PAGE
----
9. #9
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    In order to keep sustained power high (for me) I tend to use a harder gear and slightly lower rpm. I haven't a clue what I'm doing is right but, once on power, I alternate every few moments from ankling type to a slightly more toe down oriented pedaling style. Anyways, hard to accurately describe but, I feel more tension in the gluteal area with one and more quad tension with the other and as a result I'm able to keep the power higher, longer. For example during a time trial or a break, etc... Cadence varies when I do this but in general I'm finding the more powerful I become I'm using slightly lower cadence overall.

  10. #10
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    higher cadence keeps more pressure on lower diaphragm area
    reducing lungs from filling up all the way

    slower cadence "mash style" allows lungs to have more time to fill with oxygen.

    try shorter cranks if you want to spin a higher cadence .

  11. #11
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    I do the same lap around the same track dozens of times, a few nights per week, as part of my intervals. Although there are times when high cadence is very much preferred, it really depends on where you are, who you are with, and what you're attempting to accomplish.

    If I am solo, and doing intervals, there is a sweet spot for me that's on the low cadence side that has me completing that lap much faster than I ever can when I'm employing a very high cadence. The high cadence laps actually "feel good", but I am simply not as fast, and I never will be.

    However, when I'm in a group or a race, I focus on keeping my high cadence when I'm drafting, but lowering my cadence a little when I'm attacking or on the front. You simply don't need to put out the watts when you're drafting anyone, and a higher cadence saves your legs. But when attacking, you need to bleed out every watt possible to make it effective.

    On courses that feature rolling hills, I will often see folks either out-of-the-saddle or seated who are just mashing away on the pedals, almost as if they're sprinting. I can usually manage the same hills by staying seated and employing a super high cadence. This really saves me post-hill, and when they are turning it off after the apex, I tend to still have a lot left.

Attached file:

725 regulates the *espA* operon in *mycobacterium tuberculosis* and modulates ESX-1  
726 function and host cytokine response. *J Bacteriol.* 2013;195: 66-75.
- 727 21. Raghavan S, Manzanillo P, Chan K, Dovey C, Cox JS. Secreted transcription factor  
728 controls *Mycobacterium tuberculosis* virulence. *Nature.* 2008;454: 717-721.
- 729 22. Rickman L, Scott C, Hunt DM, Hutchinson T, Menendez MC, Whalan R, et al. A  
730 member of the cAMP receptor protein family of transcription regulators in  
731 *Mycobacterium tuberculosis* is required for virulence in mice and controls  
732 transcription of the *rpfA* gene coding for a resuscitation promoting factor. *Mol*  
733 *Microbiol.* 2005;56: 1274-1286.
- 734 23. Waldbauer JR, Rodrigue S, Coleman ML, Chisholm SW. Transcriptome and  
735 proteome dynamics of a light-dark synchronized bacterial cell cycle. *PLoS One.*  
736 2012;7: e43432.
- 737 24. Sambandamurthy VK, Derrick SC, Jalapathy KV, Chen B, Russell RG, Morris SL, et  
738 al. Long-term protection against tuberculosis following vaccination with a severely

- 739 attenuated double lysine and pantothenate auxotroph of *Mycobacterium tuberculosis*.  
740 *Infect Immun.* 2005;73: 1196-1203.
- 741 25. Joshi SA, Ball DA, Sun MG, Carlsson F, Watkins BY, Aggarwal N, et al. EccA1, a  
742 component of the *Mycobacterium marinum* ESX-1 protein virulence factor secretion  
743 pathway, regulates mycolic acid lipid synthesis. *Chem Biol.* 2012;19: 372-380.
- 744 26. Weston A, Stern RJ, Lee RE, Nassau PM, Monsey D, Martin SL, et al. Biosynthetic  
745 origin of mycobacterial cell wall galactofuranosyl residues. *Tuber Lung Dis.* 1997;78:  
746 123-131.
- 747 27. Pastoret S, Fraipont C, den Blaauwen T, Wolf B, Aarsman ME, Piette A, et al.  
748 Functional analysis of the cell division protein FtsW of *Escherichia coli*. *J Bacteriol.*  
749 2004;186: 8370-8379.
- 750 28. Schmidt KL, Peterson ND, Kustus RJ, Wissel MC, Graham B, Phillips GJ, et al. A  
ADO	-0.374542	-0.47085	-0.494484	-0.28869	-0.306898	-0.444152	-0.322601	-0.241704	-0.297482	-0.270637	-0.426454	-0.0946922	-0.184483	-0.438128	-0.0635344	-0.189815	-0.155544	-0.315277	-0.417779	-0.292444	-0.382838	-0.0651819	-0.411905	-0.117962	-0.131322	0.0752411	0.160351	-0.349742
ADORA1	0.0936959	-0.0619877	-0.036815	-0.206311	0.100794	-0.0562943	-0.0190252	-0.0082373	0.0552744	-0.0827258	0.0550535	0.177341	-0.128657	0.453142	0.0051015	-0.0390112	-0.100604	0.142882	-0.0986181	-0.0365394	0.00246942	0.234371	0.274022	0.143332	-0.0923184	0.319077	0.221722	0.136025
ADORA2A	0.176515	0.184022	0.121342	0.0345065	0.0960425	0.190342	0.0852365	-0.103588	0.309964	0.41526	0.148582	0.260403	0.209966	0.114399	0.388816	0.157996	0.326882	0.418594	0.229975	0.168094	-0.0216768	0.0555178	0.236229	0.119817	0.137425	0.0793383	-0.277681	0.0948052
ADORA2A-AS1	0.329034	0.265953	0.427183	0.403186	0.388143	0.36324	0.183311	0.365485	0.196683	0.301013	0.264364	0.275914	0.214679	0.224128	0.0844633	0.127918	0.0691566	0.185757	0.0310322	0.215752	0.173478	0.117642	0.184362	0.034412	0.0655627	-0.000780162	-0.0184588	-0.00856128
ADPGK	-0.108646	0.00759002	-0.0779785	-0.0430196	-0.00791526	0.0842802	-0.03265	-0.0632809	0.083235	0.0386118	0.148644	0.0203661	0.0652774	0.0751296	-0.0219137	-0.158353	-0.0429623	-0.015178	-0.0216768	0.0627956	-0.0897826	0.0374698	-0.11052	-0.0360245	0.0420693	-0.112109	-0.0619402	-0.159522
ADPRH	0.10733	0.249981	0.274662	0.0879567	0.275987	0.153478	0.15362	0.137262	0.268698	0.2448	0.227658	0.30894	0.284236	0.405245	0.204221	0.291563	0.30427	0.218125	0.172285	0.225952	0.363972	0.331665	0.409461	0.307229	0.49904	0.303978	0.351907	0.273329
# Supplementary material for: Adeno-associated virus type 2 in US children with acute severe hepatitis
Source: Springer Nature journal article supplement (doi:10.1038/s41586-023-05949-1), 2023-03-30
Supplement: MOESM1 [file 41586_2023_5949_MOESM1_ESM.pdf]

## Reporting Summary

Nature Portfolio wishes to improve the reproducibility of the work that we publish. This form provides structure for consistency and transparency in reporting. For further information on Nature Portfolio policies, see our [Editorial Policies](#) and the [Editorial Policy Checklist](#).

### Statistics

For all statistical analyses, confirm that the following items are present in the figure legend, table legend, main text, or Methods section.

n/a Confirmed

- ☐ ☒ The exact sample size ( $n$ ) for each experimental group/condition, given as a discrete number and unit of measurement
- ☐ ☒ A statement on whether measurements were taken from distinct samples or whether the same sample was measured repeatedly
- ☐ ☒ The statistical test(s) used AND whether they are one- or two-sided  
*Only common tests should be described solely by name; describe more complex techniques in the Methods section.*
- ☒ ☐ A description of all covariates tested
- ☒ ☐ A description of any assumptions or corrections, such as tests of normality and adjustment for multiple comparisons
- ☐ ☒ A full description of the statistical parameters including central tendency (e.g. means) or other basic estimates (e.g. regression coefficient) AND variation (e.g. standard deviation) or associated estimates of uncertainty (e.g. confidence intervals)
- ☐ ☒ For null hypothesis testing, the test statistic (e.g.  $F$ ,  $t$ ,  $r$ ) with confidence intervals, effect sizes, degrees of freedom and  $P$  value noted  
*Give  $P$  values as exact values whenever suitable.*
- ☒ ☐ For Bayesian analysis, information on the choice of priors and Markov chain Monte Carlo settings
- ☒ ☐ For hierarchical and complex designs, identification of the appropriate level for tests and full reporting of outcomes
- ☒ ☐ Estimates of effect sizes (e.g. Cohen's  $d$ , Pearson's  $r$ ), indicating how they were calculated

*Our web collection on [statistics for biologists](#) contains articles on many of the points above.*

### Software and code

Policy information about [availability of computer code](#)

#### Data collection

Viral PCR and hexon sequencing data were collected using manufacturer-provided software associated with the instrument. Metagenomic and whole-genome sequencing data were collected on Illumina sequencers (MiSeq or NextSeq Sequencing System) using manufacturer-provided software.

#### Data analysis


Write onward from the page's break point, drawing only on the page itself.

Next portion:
So, besides rider preference, physique, and style, cadence can sometimes be a matter of your goals and/or your position relative to other riders.

  12. #12
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    I am working on maintaining high cadence while increasing my gear. Thus trying to go faster. I can run a high cadence all day long, but I want maximize my speed as well so I can easily run a gear too easy spin fast yet go slow. My computer does not record cadence, only speed. So I have been trying to maximize find the gear which allows max speed through a combination high pedal force and lots of RPM. So basically working maximize power output. It would be easier with a computer that counts cadence. I probably need to invest in one of these, but I feel like my speeds are increasing as a result.
    Joe
    Road Bike - Trek 5200 | MTB - 2003 KHS Alite 4000 26" Hardtail

  13. #13
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    I think there is something to be said in listening to your body too, if you are a more powerful rider it might just suit you better to mash. I'm not a big powerful guy so I naturally have a high motor and keep a very high cadence.

  14. #14
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    It's not a one size fits all activity, find what works for you.

  15. #15
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    High cadence is not for everyone. After much effort it is becoming clear that I am not made for 90-100 rpm. So my optimal cadence is 80-84 and I regularly see 68-70 rpm averages for road rides (lots of climbing where I ride).
    My rides:
    Lynskey Ti Pro29 SL singlespeed
    GF Superfly 29er HT
    S-Works Roubaix SL3 Dura Ace
    Pake French 75 track

  16. #16
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    Over 2 years of TT racing, i have found that at 88rpm, I am significantly faster than at 101rpm. It is just what works for me. For most rides, I am around 90rpm with 175mm cranks.

    I also found that when i was focusing on cadence speed, i was 1-2 gears farther up the cassette, and slower. I determined myself to stay in the 50/11,12,13 for an entire TT just to see what happened (flat 14.9mile), and with the lower cadence, I was faster every time versus allowing myself up to 50/17

  17. #17
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    Quote Originally Posted by loona View Post
    higher cadence keeps more pressure on lower diaphragm area
    reducing lungs from filling up all the way

    slower cadence "mash style" allows lungs to have more time to fill with oxygen.